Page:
Agriculture, Fisheries and Food policies will be allocated €8.9 billion, with priorities including the modernisation of irrigation systems, the management of water resources for irrigation, nature trails and other rural infrastructures, and improving the profitability of livestock farms.

Commitment to science

An essential factor that will contribute to this change in the production model and that constitutes a decisive pillar for economic growth are Research, Development and Innovation policies, together with Digitalisation. These policies are expected to grow by 22.8% to €16.3 billion by 2023.

This commitment to R&D and innovation has been strengthened by the approval of the Science Law, which includes some important measures, such as the creation of the National Centre for Volcanology and the Spanish Space Agency. The accounts will pay particular attention to improving the working conditions of research staff.

Spanish Presidency of the EU

The budget will include an allocation of €145 million to cover the costs of the rotating EU presidency in the second half of 2023.

Justice policies will grow by 7.7%, excluding recovery funds, and will be directed, among other things, to the creation of 70 new judicial units and the expansion of the prosecutorial staff. Doubling the allocations of the scholarship system for access to the judicial career is also envisaged. Furthermore, the public security policy will be increased by 570 million and the allocations for the various public employment offers stand out.

The minister recalled that the increase in defence policy is aimed primarily at modernising the Armed Forces, through the Special Modernisation Programmes. To this effect, he insisted that these programmes will not be included in the non-financial spending limit, so they do not compete with other social policies such as health, education or dependency.

Regional and local funding

One of defining characteristics of the government is its commitment to the financing of public administrations. It did so during the pandemic by providing extraordinary resources to the Regional Governments to guarantee the provision of essential public services to citizens. And in the 2023 Budget, funding for territories and local authorities is again increased.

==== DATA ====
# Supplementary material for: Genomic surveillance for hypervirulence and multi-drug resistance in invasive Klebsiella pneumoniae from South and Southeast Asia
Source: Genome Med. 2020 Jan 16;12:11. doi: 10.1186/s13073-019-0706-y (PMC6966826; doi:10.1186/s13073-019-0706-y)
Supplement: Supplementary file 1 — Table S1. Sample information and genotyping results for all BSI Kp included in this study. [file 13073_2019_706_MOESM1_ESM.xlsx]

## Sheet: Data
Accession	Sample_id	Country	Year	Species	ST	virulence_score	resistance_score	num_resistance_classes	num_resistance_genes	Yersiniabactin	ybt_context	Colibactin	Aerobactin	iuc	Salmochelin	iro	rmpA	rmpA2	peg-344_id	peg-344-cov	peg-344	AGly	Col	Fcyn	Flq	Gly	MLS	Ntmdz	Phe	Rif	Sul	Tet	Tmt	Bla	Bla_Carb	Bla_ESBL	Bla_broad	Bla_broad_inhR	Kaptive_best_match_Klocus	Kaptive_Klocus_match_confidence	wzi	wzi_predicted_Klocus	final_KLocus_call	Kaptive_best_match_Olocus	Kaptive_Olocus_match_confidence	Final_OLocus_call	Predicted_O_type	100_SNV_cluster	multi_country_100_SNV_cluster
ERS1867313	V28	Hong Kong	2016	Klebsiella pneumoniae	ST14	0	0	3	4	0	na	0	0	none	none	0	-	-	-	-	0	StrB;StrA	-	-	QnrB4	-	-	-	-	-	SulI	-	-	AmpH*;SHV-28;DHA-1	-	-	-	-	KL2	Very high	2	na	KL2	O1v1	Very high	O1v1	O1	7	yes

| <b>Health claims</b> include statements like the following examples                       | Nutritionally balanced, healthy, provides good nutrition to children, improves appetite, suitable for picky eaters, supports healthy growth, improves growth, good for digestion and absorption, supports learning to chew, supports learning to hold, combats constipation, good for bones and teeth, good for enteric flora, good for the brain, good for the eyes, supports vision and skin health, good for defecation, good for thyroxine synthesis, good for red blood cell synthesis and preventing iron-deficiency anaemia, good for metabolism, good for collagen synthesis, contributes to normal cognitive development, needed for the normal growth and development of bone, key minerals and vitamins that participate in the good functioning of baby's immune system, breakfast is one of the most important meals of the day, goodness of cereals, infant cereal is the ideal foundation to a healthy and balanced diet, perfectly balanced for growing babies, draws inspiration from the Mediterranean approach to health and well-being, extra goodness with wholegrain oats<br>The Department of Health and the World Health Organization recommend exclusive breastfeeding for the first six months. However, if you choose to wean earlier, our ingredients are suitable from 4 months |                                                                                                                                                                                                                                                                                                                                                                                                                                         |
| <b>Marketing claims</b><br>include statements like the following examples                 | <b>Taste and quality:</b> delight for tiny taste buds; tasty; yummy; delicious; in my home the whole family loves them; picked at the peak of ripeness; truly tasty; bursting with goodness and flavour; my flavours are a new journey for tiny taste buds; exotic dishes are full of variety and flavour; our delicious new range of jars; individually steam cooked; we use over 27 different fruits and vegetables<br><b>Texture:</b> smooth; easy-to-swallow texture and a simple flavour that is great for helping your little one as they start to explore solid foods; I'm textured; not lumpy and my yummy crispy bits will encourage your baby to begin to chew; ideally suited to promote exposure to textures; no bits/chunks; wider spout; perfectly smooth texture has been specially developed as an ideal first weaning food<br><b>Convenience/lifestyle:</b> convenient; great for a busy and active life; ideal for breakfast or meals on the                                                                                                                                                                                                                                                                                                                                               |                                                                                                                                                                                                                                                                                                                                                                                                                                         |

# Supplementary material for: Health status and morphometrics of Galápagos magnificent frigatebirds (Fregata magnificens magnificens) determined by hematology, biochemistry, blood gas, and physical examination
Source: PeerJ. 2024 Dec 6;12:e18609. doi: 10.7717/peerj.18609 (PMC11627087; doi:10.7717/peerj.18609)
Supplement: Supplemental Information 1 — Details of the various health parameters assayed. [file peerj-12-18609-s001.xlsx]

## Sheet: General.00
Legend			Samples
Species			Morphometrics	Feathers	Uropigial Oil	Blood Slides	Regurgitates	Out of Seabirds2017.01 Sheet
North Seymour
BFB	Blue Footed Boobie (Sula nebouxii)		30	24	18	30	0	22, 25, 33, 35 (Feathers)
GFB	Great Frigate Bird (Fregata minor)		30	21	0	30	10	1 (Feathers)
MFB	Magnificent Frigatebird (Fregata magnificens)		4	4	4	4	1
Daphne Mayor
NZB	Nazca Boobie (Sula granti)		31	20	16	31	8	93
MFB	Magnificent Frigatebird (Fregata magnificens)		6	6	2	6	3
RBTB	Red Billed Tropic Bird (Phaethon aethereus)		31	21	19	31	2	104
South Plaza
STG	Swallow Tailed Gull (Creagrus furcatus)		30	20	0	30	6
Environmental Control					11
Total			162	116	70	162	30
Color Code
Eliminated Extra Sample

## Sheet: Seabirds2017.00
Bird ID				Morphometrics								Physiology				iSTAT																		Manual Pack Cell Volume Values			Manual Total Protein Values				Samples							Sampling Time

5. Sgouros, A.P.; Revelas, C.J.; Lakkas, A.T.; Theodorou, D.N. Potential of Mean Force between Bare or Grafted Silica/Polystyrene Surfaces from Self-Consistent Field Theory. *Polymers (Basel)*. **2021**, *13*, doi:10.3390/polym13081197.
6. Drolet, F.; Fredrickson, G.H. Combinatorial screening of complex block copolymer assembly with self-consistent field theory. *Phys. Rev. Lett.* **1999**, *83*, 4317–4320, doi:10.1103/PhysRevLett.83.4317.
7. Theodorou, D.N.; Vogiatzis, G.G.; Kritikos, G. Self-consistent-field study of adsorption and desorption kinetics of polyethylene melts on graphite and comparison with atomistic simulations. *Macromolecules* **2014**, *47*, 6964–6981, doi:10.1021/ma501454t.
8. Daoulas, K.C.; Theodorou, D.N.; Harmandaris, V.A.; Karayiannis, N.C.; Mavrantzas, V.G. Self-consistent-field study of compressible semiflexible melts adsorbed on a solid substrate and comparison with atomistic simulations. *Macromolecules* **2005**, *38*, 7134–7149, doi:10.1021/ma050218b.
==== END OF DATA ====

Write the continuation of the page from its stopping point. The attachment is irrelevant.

Specifically, the communities will receive over €135 billion in payments on account and for the 2021 settlement. This is an unprecedented figure and represents an increase in funding of 24% over this year.

In the case of the municipalities, the payments on account and positive settlement in 2021 will amount to over €23 billion, 5% more than in the previous year.

Improved revenues

On the revenue side, the General State Budget for 2023 moves forward towards achieving resources that enable the Welfare State and public policies to be strengthened.

Thus, the accounts envisage an increase in non-interest income of 6% compared to the forecast for the end of 2022, to €307.5 billion. This improvement is largely due to economic growth, job creation and the tax changes presented last week, based on the principle of a fair distribution of the crisis based on the principle of a fair distribution of the crisis and of claiming a greater contribution from those who have the most.

Looking at taxes, income tax revenues are expected to increase by 7.7% to over €113 billion. Corporate income tax will register a similar increase of 7.7% to €28,5 billion, while excise taxes are expected to grow by 8.2% to €22.3 billion. In the case of VAT, the collection forecast is quantified at over €86, which is 5.9% more in relation to the advance settlement of 2022.

During her speech, the minister highlighted the good pace of implementation of the Recovery Plan. At the end of September, a total of 43.686 billion had already been authorised, €37.213 billion had been committed and €32.989 billion in obligations had been recognised. María Jesús Montero pointed out that a large part of these funds have been allocated to the Regional Governments to a total value of €19, of which €14.7 billion were allocated through sectoral conferences and over €4 billion through other instruments, such as subsidies and agreements.

Supplementary reports

Last, Minister Montero referred to the series of complementary reports accompanying the Draft General State Budget for 2023.

It is a series of documents that analyse how these accounts are aligned from different perspectives, such as gender, children, youth and family, and the Sustainable Development Goals of the 2030 Agenda. He highlighted that a new report on alignment with the ecological transition has been incorporated this year.

In short, the Minister for Finance stressed that the draft General State Budget for 2023 is a "transformative and necessary" set of accounts, which are designed to attend to the social majority, the most vulnerable people and the productive fabric. They are accounts that advance economic efficiency while strengthening the welfare state.